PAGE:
Cultural stigma can have an intense impact on how someone’s culture perceives mental health issues. Cultural values and norms shape their views and how they interpret psychological illnesses, influencing the decision to seek assistance as well as what type of aid people find appropriate. Additionally, cultural stigma determines one’s coping style and who or where they receive emotional support from.
Traditional Masculine Norms Shape Discussions On Mental Health Treatment
One of the most important roadblocks to male mental health treatment is rooted in the masculine norms indoctrinated into American culture and society. These are cultural regulations that determine how men are meant to behave. Dictating phrases like “man up,” “toughen up,” or “men don’t cry” ultimately discourage individuals from sharing their emotions.
Maintaining these expectations of masculine behavior can be detrimental to men’s mental health outcomes since it discourages seeking professional help, deeming such an action to be a sign of weakness or femininity, as though the two were inseparable entities. While it may seem insignificant on the surface, this belief system can have a profound impact on men’s perception of themselves and subsequently hinder them from seeking help when they need it most.
On top of that, men are less likely than women to seek out mental health services due to self-stigma and hesitance or unwillingness to talk about their emotions. In the United States as well as many other societies, it is not usually encouraged for men to discuss their inner thoughts or difficulties. If anything, this kind of conversation may even be discouraged in those cultures.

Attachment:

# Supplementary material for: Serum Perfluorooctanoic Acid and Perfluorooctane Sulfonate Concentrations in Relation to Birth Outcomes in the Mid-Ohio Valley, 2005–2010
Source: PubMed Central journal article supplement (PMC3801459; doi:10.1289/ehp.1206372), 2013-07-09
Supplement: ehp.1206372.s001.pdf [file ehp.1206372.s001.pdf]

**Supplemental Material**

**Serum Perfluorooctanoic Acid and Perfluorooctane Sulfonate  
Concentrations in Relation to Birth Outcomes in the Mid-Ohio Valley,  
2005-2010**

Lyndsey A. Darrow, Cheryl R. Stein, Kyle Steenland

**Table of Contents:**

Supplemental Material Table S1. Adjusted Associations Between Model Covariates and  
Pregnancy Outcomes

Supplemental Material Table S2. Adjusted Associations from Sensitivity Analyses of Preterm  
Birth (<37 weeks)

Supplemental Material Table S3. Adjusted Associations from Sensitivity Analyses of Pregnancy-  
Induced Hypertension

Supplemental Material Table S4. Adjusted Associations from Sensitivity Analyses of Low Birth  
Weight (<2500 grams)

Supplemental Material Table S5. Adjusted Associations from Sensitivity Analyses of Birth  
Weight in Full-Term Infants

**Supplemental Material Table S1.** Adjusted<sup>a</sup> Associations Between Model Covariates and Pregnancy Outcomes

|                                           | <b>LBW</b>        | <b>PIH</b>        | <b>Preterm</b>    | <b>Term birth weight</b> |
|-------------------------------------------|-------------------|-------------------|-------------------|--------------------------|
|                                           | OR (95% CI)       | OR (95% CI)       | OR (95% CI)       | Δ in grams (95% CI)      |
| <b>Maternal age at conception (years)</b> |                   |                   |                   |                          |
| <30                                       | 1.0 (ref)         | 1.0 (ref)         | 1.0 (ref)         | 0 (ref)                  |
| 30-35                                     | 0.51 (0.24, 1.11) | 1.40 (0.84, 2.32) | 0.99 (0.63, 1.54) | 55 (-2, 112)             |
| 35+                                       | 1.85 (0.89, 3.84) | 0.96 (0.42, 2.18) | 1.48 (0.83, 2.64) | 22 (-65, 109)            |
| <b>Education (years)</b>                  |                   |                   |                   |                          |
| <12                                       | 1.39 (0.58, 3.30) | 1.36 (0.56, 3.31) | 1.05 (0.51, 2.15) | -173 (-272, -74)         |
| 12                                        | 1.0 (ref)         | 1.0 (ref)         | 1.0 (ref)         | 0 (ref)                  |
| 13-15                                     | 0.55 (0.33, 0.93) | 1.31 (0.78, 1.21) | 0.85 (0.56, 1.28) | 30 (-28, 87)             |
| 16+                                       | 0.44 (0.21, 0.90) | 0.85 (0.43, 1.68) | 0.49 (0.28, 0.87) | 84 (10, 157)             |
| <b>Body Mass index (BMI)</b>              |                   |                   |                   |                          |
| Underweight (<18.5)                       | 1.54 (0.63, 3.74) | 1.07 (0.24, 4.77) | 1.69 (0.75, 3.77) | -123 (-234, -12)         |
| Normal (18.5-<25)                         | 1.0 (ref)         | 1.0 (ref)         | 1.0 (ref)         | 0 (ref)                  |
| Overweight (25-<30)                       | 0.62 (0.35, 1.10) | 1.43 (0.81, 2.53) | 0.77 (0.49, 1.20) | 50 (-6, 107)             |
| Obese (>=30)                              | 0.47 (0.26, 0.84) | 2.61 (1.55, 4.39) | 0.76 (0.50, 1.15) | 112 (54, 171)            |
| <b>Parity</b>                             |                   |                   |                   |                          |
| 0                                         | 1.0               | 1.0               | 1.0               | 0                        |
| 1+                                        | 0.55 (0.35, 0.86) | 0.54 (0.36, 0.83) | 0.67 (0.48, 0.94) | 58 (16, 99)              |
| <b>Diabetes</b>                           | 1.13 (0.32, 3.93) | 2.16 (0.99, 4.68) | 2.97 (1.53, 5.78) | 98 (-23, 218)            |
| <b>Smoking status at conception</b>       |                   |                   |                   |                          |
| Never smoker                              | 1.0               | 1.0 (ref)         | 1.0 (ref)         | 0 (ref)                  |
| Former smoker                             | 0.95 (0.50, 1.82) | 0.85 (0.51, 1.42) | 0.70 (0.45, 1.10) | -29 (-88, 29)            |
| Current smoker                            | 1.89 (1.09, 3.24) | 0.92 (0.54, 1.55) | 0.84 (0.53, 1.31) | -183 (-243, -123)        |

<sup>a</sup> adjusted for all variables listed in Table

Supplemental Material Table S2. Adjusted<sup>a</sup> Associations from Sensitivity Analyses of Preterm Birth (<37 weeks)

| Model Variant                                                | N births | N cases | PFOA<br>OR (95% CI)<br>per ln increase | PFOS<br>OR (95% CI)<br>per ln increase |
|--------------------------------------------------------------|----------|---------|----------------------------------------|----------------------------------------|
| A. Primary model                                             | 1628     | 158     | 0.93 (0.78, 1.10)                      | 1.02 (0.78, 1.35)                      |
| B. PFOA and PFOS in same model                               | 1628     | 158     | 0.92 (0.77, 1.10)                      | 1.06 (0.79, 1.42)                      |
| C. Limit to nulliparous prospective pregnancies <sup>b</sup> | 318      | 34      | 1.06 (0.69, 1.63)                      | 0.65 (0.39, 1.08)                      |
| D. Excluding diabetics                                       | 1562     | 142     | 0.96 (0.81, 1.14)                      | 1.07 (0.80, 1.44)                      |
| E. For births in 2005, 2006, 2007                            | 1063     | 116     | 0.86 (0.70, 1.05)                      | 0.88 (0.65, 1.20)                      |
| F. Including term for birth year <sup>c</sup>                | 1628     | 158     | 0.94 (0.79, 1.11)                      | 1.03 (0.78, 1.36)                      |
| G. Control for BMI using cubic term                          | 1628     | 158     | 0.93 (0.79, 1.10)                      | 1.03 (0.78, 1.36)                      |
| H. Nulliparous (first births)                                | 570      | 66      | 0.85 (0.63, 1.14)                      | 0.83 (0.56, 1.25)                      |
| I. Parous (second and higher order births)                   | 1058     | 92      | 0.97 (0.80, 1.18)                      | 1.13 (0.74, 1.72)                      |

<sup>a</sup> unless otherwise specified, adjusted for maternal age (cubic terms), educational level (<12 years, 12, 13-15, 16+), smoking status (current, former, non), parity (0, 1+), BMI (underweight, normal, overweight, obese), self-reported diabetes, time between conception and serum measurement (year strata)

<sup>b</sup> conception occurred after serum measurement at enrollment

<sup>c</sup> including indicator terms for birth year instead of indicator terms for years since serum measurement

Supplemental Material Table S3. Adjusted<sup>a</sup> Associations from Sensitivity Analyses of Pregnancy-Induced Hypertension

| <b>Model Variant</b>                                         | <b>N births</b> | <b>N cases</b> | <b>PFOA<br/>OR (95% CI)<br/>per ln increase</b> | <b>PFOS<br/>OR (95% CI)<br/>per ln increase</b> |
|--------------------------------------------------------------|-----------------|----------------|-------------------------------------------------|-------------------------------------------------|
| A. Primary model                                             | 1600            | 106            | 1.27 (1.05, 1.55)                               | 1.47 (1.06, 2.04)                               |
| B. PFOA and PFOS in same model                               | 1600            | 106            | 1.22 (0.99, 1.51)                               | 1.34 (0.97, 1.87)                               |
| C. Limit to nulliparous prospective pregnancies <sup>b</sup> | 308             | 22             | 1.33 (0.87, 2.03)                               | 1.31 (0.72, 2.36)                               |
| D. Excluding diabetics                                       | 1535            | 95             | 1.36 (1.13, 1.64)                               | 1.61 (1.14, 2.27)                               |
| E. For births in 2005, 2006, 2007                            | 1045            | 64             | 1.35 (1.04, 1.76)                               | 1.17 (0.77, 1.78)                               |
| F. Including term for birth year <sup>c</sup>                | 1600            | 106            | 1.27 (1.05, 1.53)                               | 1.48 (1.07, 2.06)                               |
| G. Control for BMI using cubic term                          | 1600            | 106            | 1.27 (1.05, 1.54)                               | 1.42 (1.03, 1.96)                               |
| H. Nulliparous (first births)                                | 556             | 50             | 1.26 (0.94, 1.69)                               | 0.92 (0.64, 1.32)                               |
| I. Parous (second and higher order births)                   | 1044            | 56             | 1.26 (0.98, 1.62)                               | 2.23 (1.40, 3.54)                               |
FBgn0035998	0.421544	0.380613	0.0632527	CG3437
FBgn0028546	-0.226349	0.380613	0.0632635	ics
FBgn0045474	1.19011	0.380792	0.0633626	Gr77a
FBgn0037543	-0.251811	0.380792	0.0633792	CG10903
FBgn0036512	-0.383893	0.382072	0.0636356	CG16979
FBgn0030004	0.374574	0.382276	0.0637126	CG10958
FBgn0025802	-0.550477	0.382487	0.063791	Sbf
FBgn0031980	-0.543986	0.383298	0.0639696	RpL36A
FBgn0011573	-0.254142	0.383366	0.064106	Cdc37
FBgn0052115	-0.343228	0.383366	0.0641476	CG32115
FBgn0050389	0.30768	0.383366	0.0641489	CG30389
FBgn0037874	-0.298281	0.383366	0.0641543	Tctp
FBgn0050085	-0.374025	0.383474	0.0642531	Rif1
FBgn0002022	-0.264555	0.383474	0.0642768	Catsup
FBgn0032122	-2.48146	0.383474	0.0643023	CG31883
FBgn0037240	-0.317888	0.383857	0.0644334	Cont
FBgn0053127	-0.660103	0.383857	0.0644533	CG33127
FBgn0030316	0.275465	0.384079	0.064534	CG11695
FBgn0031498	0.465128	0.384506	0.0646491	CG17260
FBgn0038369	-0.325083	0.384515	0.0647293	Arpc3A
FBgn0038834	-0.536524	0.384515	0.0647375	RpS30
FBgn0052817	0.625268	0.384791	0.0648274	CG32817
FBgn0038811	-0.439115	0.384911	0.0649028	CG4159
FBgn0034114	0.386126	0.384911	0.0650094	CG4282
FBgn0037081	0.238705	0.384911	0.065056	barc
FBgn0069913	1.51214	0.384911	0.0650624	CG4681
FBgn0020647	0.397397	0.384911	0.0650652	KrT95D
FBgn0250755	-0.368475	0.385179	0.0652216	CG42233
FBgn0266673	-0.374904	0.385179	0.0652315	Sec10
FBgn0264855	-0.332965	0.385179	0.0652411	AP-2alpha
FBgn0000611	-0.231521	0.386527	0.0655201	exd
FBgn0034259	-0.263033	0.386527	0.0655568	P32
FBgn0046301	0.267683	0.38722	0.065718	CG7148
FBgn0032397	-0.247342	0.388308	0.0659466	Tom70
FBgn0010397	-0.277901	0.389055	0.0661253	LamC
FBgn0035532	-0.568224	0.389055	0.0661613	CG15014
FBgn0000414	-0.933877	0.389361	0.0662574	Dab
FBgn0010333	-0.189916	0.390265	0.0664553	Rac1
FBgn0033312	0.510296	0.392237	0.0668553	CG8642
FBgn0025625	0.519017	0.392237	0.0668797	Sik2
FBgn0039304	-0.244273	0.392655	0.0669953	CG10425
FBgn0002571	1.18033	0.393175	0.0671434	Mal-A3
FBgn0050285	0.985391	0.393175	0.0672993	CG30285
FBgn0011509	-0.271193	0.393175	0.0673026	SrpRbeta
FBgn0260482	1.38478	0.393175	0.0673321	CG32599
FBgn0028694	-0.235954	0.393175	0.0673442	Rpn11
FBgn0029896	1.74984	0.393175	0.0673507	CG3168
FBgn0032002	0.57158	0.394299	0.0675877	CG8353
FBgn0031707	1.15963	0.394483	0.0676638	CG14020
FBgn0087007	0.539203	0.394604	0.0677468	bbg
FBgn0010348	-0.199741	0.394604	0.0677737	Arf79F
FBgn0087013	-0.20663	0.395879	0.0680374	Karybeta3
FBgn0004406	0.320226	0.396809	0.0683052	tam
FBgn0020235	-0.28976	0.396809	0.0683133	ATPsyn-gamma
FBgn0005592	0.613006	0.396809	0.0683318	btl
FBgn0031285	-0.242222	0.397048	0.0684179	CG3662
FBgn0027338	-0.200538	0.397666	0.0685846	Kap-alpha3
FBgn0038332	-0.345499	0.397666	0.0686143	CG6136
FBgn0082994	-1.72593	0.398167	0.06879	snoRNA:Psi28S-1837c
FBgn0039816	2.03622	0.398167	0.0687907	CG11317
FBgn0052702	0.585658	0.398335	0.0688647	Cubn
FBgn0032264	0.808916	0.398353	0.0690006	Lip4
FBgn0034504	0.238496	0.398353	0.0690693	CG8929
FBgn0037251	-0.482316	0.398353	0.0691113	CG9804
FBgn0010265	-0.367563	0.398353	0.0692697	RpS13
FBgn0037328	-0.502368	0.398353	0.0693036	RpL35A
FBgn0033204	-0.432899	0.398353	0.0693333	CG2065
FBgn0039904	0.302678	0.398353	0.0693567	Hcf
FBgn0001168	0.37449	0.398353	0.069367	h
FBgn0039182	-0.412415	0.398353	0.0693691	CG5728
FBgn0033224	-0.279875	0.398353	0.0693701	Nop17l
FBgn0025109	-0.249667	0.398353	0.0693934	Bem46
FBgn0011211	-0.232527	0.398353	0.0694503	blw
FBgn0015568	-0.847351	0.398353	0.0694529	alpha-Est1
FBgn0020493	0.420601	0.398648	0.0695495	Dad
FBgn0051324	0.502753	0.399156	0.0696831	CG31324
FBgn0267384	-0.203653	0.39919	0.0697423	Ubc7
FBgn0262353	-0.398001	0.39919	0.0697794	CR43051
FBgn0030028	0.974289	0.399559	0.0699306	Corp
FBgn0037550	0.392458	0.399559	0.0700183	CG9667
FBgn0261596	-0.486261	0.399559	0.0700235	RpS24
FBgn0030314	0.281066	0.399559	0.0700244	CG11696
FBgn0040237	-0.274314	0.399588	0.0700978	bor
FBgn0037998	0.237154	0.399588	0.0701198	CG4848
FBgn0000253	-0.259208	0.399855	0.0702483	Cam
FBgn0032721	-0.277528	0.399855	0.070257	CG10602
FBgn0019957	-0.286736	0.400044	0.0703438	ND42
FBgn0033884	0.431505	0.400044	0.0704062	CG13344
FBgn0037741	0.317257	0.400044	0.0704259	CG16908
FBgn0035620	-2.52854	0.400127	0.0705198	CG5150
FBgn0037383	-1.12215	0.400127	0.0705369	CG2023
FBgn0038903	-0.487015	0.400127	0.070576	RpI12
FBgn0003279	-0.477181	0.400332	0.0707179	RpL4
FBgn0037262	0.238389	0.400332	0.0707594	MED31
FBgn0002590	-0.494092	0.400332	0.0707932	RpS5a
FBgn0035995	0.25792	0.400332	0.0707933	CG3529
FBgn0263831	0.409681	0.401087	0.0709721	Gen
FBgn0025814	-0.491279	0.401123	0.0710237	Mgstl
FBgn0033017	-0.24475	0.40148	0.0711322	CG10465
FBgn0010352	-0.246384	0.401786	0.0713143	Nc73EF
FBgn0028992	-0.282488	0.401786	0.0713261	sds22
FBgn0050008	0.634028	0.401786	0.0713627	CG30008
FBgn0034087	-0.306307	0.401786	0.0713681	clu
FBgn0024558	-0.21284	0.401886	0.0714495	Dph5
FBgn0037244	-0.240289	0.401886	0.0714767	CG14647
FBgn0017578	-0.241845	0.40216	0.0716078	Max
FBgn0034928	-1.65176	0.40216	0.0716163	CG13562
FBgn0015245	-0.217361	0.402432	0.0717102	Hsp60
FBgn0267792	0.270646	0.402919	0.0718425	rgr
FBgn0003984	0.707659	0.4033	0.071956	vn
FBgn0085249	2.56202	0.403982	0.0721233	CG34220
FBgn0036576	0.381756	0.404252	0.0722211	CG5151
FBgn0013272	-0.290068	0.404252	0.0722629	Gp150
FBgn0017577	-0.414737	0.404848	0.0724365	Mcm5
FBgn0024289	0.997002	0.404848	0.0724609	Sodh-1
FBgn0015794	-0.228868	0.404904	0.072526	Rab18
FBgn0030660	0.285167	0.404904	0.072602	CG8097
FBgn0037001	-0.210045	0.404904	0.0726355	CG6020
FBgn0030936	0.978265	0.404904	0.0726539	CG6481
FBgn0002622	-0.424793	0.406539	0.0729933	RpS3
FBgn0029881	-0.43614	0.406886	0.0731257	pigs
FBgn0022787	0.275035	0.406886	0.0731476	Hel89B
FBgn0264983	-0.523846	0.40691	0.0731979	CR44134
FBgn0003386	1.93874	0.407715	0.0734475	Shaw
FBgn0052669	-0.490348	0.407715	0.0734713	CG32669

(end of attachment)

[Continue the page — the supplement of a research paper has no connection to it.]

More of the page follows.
Conversely, the majority of women have been instructed in how and when to convey their feelings, while most men are excluded from such dialogues. This lack of emotional acceptance is particularly detrimental to male mental health as it leaves many out in the cold, unable to articulate their hardships or even recognize them within themselves.
Peer Pressure And Stigma Influence the Male Depression Risk Scale, Leading Many Men To Substance Abuse
Contrary to popular belief, peer pressure is not only a problem among the younger generations. Adults face similar social pressures that could potentially drive them towards using drugs or alcohol. Whether it’s friends, family members, colleagues, or even role models in the media. All of these individuals can have an immense influence on someone’s views and the choices they make in life.
Society may attempt to pressure men into drinking or using drugs, whether it be through the suggestion of coworkers that “everyone is coming” for a drink after work or media projects attempting to prove masculinity through substance abuse. These influences can have grave repercussions, causing many males to fall victim and become addicted.